A MAJOR exhibition has unveiled new portraits of all 209 female MPs in the UK Parliament.
The photography project marks both the centenary of women getting the vote and the election of the first female MP in 1918.
Here, some of the Scottish MPs put in the frame speak to our political editor JUDITH DUFFY about their portraits and reflect on their year about the House
Marion Fellows, SNP MP for Motherwell and Wishaw
My photograph was taken the day after my husband’s funeral. I was so numb.
I wanted to have something tangible for my granddaughters, so I decided to go ahead with it – and it turned out to be a nice day.
I feel like I am almost in a rebirth process at the moment, I am learning to order my life in a different way and I am very lucky and very grateful because I have this job and a great, supportive family.
What is really interesting about the portrait project is the variety of women it captures.
It captures the fact that any woman can be an MP and that is really important. Who’d have put money on me being elected at my age?
I was elected into the House of Commons at the age of 66. That is fabulous, even if you don’t like my politics.
I really do believe the house should be representative of the people we represent. When you see the variety of different women it really does reflect that and will be encouraging to other women.
A low has been the whole Brexit shambles. The most satisfying thing for me is being able to help people.
I have had such support right across the Chamber before and since my husband died. People have been extraordinarily kind.
When I came back it was like almost coming back to family.
Kirstene Hair, Conservative MP for Angus
My photograph was taken in my favourite spot, at Lunan Bay near Montrose on a beautiful summer night.
The 209 women who currently sit in Parliament amount to almost half of the total number of women MPs in its history.
The exhibition illustrates how far we have come, but also how much progress we need to make.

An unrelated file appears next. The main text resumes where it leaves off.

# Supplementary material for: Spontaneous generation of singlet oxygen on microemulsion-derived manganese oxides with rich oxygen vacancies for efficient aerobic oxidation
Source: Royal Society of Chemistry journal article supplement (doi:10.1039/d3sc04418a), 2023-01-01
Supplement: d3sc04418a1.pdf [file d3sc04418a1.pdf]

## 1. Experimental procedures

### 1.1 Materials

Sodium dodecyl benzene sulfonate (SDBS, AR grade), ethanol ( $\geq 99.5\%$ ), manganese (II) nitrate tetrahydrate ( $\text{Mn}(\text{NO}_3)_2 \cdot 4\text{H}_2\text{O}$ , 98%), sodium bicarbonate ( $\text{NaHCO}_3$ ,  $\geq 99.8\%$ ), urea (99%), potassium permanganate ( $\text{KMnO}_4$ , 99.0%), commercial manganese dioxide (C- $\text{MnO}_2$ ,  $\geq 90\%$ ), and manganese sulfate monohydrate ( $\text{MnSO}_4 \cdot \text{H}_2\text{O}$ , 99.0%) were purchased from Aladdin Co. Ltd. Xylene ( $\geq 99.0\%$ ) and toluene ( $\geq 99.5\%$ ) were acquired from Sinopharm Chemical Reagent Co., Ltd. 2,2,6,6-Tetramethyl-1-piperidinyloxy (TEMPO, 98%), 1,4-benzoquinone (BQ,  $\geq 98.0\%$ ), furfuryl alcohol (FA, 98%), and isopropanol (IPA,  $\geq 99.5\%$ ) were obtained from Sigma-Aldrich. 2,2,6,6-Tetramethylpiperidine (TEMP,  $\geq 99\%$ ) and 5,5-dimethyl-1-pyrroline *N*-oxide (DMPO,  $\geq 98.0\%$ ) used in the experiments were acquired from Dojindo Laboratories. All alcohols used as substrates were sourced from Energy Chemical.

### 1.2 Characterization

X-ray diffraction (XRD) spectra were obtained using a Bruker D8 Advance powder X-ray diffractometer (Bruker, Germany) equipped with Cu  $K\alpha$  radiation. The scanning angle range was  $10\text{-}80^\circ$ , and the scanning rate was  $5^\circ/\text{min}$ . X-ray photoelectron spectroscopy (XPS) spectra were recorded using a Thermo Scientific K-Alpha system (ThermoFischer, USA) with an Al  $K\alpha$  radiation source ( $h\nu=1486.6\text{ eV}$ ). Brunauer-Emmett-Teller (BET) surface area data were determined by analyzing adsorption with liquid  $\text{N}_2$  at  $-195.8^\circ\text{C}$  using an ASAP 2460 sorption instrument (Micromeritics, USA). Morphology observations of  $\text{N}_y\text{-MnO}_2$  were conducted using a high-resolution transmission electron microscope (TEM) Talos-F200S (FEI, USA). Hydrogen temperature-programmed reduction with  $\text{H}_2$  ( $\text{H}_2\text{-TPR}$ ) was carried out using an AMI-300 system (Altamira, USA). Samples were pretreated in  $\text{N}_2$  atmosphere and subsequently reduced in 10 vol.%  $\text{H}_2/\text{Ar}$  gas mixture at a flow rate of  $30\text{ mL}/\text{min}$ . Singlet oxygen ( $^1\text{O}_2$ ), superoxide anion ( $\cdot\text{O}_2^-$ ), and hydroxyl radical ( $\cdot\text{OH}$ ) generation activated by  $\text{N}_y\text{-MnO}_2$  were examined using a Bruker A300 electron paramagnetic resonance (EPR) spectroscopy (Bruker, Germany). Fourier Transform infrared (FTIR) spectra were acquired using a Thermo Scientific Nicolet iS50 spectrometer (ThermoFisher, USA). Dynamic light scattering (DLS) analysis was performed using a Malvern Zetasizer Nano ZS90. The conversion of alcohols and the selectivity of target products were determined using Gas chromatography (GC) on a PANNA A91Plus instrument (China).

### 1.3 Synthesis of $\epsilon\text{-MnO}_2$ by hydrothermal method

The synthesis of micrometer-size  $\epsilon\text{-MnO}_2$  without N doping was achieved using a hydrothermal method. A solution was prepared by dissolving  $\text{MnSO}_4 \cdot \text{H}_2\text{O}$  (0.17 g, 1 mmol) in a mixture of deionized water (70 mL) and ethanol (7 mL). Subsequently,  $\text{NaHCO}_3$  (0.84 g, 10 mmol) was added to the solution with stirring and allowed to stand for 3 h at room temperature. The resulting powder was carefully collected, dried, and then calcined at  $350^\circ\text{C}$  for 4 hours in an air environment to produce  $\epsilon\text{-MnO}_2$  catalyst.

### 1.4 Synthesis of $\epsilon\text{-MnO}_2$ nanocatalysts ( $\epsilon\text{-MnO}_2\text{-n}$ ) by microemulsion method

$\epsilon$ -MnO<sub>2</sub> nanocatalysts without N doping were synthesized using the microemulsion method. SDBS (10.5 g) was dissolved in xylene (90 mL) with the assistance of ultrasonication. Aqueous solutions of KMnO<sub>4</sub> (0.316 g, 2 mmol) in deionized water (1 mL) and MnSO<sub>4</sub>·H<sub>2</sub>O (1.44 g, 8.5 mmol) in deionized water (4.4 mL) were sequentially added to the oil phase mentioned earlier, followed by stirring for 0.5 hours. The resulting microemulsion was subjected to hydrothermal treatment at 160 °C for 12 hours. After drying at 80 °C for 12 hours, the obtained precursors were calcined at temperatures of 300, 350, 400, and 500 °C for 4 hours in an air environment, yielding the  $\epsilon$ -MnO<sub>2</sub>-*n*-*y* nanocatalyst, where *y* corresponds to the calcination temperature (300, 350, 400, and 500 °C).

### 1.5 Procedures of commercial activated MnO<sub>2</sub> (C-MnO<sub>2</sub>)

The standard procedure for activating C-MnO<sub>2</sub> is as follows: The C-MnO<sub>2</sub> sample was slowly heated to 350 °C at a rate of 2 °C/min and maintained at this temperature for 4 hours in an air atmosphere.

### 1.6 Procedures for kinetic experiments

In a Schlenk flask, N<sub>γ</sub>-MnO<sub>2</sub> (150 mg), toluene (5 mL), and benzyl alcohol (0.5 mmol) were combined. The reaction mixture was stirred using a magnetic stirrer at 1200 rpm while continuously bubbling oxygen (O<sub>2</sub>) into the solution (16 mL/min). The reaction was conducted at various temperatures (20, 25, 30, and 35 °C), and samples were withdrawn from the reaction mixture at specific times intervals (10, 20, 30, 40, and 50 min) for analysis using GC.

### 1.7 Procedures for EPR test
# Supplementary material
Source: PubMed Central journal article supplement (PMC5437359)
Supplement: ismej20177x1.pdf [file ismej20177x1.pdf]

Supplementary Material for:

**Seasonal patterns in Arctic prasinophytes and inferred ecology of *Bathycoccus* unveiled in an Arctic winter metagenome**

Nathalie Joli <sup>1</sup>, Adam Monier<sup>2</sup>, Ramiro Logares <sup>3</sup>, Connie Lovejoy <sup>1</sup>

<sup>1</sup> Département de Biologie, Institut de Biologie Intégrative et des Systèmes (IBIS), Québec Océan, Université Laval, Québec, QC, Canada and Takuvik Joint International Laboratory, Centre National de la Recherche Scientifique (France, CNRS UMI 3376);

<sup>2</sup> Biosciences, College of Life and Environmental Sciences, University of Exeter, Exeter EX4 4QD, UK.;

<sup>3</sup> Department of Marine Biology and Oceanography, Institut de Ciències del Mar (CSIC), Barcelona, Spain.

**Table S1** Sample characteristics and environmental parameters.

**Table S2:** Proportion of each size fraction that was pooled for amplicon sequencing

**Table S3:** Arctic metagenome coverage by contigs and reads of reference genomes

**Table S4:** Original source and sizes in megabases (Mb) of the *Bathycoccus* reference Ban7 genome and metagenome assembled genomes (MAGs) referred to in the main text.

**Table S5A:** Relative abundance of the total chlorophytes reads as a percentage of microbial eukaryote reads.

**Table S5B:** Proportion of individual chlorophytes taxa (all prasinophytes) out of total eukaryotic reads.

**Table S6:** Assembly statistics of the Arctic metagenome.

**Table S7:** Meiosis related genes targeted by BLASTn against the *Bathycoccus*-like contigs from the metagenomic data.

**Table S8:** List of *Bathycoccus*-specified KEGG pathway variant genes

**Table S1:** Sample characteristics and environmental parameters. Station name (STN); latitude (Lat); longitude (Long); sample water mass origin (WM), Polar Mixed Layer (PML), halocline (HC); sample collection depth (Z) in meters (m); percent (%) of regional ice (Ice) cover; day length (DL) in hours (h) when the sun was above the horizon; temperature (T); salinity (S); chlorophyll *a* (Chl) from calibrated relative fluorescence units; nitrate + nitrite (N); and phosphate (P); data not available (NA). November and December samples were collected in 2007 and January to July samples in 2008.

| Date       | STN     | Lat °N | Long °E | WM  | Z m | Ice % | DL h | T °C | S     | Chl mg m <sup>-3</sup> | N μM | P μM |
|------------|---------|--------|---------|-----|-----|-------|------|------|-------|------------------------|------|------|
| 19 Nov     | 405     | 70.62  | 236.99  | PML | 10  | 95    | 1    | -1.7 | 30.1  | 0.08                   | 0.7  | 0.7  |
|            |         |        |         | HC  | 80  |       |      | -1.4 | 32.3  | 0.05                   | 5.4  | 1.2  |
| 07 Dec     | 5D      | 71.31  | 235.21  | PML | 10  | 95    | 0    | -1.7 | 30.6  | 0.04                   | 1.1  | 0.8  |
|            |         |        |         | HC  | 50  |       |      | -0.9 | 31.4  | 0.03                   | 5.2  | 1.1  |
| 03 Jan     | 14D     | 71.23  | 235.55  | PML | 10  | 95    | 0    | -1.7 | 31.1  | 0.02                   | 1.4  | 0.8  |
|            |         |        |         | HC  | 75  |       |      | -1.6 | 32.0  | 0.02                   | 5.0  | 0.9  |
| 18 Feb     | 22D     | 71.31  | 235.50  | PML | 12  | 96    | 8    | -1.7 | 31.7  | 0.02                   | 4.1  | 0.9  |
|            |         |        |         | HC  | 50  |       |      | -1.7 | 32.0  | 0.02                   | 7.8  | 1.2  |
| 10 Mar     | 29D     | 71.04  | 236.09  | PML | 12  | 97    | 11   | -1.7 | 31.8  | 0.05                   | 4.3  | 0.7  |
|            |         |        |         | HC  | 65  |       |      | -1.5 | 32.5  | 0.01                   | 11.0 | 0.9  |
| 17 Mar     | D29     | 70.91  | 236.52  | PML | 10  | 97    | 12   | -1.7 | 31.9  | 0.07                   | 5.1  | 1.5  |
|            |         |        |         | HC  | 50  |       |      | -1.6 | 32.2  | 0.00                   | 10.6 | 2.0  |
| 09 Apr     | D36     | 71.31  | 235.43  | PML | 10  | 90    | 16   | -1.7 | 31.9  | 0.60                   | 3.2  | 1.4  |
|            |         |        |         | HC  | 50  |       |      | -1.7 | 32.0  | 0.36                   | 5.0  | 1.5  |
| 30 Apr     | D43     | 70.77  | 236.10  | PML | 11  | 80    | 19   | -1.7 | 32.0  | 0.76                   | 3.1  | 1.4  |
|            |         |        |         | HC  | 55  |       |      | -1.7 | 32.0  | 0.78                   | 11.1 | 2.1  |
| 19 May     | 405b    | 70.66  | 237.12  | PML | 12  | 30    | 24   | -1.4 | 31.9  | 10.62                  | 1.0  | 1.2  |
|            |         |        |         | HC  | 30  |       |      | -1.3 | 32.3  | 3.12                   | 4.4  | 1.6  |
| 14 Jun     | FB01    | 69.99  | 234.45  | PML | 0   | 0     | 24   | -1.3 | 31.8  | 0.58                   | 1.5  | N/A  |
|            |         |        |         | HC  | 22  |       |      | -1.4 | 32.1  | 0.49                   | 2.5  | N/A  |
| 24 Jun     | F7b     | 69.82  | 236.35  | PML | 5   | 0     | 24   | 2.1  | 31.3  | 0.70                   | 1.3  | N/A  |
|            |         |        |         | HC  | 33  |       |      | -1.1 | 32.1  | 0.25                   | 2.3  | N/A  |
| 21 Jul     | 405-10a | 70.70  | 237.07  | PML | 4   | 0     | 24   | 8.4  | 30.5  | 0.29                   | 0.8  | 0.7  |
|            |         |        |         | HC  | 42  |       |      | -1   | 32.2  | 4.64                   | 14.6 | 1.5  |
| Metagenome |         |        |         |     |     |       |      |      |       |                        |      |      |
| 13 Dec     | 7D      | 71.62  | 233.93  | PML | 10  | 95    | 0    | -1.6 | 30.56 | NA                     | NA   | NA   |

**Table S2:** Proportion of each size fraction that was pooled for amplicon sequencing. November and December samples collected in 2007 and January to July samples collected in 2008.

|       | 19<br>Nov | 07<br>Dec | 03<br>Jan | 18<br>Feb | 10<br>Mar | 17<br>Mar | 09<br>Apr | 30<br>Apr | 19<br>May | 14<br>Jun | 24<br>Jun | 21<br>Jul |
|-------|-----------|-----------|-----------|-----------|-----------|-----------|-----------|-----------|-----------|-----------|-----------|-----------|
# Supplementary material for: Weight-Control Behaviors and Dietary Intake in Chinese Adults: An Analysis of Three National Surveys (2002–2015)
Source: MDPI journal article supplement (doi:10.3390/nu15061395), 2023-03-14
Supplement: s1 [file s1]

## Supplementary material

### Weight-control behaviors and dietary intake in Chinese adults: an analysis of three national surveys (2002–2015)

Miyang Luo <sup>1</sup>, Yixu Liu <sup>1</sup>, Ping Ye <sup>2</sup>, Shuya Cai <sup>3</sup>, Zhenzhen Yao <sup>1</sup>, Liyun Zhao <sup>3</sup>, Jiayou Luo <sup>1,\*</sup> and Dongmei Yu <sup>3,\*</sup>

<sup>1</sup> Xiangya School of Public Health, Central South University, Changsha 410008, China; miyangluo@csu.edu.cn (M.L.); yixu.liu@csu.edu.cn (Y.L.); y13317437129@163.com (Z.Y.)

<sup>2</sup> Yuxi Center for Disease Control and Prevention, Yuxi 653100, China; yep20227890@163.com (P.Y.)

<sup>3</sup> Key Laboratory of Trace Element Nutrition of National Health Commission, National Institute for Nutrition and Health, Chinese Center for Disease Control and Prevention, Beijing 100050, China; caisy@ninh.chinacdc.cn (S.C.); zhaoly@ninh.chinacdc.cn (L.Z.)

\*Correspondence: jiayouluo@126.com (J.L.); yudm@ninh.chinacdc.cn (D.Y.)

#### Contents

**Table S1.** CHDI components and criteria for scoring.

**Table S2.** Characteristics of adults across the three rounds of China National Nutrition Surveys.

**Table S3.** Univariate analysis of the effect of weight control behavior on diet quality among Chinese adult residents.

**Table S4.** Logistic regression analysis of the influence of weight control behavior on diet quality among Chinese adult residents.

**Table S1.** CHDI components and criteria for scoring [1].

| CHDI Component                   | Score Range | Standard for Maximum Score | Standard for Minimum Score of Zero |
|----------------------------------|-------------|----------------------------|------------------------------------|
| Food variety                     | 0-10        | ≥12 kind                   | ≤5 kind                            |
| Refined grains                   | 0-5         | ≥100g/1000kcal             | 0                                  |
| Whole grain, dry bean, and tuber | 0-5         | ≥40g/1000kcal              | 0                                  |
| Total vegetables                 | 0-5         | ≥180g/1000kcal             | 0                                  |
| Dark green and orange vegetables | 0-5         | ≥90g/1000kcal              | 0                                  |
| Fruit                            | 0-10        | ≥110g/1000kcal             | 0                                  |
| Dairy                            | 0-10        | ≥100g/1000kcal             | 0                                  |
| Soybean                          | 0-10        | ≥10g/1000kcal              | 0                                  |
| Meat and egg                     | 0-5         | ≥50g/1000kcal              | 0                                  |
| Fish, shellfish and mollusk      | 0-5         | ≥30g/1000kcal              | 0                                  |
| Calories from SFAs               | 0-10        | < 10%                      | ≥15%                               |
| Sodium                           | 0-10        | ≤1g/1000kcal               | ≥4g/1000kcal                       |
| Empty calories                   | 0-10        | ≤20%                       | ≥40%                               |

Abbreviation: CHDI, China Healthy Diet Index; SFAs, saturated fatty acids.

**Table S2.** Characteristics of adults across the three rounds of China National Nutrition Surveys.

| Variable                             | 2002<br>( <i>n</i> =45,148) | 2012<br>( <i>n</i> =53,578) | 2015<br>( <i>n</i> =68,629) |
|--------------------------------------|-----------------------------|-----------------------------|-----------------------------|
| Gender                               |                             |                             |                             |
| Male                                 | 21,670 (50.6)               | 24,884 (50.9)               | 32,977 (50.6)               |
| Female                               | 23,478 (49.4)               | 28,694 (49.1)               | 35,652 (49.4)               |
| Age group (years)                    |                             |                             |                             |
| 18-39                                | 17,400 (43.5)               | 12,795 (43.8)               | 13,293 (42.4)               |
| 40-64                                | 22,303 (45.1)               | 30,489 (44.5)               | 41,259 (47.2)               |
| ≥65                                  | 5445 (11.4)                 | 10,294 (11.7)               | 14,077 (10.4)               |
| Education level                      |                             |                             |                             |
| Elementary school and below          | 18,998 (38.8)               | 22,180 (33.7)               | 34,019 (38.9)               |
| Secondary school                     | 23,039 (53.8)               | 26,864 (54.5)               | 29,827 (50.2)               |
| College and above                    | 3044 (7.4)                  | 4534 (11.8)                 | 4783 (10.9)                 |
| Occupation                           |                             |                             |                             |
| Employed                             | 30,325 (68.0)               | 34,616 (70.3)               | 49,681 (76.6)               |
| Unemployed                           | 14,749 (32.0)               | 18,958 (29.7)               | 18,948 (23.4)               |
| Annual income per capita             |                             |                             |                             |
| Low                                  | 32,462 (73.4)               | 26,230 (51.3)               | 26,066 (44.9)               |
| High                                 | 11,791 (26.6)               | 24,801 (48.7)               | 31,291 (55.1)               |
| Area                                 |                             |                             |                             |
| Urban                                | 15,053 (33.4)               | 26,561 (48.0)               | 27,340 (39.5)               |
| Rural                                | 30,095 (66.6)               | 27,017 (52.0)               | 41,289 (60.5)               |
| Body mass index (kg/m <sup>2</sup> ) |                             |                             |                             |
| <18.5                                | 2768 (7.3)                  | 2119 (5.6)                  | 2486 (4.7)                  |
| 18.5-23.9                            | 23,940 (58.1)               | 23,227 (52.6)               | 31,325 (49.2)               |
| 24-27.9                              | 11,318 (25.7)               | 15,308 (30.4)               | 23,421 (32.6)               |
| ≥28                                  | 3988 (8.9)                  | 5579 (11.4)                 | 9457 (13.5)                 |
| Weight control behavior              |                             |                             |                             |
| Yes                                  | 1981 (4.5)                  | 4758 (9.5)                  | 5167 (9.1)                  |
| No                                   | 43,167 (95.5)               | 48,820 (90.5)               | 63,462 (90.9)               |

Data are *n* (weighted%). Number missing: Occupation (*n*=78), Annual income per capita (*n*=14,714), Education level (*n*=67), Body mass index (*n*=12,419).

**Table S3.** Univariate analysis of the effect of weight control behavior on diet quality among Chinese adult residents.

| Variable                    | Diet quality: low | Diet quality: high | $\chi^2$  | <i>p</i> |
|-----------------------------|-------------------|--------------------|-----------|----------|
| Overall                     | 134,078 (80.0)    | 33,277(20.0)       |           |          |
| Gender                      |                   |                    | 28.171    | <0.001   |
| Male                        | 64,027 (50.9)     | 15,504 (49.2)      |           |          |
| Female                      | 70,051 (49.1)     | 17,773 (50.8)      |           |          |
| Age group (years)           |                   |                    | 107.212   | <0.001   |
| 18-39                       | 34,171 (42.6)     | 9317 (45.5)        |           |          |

Over this year there have been many successes for Angus which have often been overshadowed by the EU debate – such as freezing fuel duty for motorists for the ninth year running or the introduction of a seasonal agricultural workers scheme to safeguard the soft fruit sector in Angus.
Constituents want us to deliver on what they have asked us to do, fundamentally delivering on the Brexit result, and that means for political parties to put their differences to one side and allow the country to move on.
Deirdre Brock, SNP MP for Edinburgh North and Leith
My picture was taken on the top of Calton Hill, with my constituency in the background.
It fills you with some hope to see the range of people within the exhibition. I hope it reminds some of our younger women that these things are possible and people have come from all sorts of backgrounds.
A Girl Guides survey recently found girls over 11 were put off going into a job in politics. You wonder if seeing some of the treatment that women have to put up with in the House of Commons might be contributing to that.
Here is some way of providing a slightly more inspirational message and a reminder of how far we have come. But it also a reminder we have a long way to go.
This year I was given the environment, food and rural affairs brief. From a personal point of view being asked to lead for the SNP in Westminster in those areas was a great privilege.